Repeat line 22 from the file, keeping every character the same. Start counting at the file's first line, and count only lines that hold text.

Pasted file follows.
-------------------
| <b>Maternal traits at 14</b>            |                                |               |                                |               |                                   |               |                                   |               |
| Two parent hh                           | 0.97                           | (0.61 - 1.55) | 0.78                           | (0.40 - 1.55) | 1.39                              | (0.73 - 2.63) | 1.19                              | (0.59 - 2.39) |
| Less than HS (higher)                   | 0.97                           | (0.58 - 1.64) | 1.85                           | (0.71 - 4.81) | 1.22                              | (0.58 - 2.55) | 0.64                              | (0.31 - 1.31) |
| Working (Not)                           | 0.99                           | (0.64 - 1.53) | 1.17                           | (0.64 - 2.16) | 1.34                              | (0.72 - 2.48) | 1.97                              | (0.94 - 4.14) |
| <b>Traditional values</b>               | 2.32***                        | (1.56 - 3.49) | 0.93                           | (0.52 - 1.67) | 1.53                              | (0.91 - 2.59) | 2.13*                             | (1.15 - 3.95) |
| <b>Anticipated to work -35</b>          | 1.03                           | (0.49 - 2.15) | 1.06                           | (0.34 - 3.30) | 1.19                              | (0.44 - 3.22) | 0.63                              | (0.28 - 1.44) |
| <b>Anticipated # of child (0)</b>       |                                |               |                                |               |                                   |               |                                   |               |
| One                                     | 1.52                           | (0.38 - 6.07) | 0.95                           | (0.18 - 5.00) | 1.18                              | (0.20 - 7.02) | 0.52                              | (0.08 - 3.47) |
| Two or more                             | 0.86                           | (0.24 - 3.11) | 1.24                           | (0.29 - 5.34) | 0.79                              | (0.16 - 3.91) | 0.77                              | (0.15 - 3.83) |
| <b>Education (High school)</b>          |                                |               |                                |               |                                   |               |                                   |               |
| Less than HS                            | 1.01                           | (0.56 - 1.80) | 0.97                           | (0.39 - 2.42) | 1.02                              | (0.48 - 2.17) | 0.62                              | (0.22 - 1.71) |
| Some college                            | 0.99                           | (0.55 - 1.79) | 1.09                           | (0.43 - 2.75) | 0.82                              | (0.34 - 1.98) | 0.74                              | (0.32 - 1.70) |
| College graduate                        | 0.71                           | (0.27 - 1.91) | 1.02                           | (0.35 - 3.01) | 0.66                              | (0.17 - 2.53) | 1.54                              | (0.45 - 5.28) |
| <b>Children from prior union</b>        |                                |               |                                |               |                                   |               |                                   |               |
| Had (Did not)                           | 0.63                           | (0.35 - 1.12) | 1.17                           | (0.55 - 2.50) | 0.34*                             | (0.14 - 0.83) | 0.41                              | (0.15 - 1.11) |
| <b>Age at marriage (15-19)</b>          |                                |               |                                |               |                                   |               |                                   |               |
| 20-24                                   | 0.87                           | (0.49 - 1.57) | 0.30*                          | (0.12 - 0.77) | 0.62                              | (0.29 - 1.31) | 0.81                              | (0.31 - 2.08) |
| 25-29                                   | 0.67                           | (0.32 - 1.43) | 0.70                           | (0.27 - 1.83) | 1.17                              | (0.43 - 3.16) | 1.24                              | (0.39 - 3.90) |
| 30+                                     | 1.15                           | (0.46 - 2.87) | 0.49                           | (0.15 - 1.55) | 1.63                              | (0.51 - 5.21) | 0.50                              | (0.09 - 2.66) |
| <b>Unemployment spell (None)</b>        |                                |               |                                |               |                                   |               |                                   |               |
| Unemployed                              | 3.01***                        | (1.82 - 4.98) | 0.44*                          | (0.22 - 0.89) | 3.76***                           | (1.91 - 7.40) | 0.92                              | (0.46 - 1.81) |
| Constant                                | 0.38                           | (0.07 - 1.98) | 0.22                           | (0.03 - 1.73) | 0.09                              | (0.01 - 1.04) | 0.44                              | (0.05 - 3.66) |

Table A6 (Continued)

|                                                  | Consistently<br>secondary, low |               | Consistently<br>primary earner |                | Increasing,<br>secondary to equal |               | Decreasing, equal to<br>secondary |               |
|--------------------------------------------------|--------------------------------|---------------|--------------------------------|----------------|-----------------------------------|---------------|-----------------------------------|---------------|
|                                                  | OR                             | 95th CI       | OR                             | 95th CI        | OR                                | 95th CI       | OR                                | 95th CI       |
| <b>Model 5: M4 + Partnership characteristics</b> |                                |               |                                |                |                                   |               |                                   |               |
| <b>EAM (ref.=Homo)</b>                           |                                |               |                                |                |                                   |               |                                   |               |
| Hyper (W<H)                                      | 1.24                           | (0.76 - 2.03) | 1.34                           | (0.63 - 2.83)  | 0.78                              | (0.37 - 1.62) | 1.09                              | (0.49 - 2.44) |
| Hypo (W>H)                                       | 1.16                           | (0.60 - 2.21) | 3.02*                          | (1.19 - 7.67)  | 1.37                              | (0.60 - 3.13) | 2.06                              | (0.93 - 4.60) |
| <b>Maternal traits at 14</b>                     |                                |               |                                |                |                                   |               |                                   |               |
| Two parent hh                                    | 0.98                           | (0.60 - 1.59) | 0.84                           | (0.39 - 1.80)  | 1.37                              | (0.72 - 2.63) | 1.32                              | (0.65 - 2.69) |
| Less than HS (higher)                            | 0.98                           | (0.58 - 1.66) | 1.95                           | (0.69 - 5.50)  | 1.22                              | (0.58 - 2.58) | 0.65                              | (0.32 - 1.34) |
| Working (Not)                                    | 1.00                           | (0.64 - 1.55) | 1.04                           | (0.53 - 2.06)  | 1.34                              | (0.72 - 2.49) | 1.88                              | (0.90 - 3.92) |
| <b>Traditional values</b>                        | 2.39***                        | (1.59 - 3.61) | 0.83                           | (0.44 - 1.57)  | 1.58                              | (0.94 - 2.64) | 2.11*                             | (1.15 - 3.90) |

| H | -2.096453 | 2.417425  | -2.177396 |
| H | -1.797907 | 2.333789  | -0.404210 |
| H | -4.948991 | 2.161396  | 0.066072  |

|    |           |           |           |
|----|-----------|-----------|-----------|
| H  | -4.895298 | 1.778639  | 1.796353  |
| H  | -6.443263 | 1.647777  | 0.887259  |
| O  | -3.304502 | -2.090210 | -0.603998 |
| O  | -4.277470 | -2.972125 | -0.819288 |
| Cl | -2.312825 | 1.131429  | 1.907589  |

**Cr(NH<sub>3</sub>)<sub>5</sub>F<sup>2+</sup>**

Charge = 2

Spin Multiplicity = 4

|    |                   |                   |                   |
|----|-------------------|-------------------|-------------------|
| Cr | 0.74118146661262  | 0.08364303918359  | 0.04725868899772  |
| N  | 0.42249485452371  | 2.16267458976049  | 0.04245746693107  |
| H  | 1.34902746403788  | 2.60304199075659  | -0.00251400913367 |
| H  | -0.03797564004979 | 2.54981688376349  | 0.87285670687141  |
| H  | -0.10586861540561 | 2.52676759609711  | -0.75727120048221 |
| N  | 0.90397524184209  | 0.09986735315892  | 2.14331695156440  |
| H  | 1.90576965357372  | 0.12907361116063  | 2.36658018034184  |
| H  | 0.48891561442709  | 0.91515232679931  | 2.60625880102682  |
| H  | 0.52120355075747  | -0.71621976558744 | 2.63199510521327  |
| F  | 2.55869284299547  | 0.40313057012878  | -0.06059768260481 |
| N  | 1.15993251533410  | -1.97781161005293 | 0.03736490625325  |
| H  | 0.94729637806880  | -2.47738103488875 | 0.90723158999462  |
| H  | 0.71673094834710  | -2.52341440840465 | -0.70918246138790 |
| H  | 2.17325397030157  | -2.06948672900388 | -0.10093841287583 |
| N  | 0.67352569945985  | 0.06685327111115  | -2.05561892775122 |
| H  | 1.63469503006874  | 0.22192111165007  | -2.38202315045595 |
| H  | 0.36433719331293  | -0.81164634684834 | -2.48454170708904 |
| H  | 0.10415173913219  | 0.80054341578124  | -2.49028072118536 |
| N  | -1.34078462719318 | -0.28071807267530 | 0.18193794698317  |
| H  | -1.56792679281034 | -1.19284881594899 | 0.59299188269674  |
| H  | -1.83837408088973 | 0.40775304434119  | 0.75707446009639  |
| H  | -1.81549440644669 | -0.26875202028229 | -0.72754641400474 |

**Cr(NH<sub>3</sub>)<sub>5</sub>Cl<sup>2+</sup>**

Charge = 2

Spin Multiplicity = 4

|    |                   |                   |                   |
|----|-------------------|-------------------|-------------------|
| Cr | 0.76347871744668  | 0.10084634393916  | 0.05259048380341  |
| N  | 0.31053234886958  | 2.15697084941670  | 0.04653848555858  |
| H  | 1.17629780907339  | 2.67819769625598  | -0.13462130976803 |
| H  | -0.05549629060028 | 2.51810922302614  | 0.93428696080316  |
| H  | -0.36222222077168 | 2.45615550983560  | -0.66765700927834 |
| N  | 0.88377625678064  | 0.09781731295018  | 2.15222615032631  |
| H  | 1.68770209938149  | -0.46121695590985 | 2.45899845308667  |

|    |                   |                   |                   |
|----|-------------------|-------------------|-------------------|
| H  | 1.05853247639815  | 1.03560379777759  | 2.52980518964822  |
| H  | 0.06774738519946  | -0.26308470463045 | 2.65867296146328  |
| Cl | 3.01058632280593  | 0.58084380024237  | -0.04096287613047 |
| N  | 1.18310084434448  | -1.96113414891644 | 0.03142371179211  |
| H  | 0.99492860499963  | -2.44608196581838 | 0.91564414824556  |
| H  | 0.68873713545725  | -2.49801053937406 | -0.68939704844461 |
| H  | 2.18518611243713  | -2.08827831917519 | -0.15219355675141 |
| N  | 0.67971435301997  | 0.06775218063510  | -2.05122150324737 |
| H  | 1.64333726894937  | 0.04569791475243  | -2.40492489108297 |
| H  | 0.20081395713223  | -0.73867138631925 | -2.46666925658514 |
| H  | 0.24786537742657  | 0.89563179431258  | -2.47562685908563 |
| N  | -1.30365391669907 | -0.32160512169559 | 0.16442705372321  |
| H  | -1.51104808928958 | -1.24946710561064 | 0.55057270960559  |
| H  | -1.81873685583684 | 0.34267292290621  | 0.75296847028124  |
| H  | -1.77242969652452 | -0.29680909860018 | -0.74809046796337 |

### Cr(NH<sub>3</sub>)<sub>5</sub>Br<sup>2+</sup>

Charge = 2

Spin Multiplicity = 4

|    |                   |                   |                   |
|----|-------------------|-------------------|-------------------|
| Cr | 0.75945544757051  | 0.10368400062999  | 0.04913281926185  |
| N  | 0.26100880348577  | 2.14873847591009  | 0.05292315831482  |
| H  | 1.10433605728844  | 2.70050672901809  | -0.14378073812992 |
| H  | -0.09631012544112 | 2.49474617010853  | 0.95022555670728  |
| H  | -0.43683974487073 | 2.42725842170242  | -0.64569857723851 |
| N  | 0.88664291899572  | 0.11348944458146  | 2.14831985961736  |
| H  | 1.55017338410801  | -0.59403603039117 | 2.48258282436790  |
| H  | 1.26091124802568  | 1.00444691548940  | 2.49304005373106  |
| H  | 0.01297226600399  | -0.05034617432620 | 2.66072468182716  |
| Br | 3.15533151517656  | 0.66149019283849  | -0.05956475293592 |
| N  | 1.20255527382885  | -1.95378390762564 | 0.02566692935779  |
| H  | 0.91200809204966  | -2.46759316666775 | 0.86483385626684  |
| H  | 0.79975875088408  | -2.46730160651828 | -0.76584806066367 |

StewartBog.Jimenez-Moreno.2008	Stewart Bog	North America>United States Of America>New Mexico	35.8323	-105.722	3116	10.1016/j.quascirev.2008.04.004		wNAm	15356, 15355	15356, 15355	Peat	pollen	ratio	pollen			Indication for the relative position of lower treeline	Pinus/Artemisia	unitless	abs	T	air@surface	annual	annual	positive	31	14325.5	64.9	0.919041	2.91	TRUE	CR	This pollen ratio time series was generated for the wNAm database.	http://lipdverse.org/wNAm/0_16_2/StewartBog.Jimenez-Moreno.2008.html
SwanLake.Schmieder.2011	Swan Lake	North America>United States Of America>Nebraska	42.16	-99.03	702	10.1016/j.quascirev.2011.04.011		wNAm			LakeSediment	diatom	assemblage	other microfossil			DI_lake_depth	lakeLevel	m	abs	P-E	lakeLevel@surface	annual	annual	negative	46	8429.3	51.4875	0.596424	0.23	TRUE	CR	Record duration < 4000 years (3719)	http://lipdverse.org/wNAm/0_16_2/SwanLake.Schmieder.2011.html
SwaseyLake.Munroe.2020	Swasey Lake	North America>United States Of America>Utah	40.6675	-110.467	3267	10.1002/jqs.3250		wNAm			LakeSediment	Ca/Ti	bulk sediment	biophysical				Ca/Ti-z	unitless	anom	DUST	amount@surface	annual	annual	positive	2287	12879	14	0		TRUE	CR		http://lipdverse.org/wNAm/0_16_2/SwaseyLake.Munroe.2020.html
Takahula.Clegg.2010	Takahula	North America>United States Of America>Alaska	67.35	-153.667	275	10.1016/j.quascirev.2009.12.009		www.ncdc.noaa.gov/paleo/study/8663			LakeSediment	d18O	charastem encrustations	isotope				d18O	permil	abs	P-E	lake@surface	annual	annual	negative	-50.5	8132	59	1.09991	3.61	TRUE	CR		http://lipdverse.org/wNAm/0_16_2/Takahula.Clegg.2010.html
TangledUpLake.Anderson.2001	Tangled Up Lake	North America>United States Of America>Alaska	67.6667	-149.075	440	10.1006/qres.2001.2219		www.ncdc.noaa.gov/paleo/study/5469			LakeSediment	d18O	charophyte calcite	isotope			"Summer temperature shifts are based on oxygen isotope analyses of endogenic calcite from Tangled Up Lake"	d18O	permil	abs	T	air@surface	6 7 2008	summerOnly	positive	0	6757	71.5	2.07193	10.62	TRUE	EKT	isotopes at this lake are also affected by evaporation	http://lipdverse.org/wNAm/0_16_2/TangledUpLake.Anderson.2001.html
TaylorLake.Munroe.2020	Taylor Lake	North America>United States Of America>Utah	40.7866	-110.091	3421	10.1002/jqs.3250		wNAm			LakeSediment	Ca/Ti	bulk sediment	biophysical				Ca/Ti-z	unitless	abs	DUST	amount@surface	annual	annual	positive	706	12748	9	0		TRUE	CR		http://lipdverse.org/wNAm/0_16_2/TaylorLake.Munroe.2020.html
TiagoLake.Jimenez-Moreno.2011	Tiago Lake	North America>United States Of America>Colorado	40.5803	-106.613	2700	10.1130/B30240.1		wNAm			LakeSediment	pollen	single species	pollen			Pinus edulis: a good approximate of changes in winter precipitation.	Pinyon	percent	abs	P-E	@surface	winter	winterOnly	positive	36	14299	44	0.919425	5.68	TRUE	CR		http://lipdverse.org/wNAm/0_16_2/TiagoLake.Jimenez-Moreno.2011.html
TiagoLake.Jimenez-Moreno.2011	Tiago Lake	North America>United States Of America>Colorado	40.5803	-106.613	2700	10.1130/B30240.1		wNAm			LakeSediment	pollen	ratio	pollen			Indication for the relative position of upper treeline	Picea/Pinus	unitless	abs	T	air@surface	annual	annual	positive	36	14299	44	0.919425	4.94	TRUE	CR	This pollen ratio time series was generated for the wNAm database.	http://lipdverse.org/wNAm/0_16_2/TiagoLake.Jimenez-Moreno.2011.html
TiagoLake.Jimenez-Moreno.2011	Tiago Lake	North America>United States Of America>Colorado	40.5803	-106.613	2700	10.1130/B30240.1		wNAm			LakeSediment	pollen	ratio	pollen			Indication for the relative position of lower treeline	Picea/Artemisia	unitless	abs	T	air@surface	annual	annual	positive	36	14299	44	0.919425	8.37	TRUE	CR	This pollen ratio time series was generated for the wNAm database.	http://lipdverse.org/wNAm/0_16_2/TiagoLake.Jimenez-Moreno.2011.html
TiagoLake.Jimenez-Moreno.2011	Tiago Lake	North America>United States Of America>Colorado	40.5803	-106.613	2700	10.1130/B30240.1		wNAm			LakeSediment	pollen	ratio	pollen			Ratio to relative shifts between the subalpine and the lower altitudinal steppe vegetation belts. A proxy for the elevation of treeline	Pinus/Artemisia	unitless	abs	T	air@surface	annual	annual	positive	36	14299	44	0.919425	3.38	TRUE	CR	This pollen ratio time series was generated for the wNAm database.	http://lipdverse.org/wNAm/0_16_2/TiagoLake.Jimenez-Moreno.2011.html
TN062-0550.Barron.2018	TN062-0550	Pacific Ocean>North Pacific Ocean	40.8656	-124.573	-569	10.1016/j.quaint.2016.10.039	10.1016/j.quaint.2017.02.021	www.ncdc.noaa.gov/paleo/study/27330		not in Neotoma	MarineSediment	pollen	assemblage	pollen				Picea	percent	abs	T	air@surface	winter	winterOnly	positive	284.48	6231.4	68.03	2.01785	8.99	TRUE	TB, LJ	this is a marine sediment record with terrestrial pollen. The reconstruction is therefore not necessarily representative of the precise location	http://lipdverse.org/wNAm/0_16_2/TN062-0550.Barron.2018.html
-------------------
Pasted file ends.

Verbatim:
| Constant                                | 0.38                           | (0.07 - 1.98) | 0.22                           | (0.03 - 1.73) | 0.09                              | (0.01 - 1.04) | 0.44                              | (0.05 - 3.66) |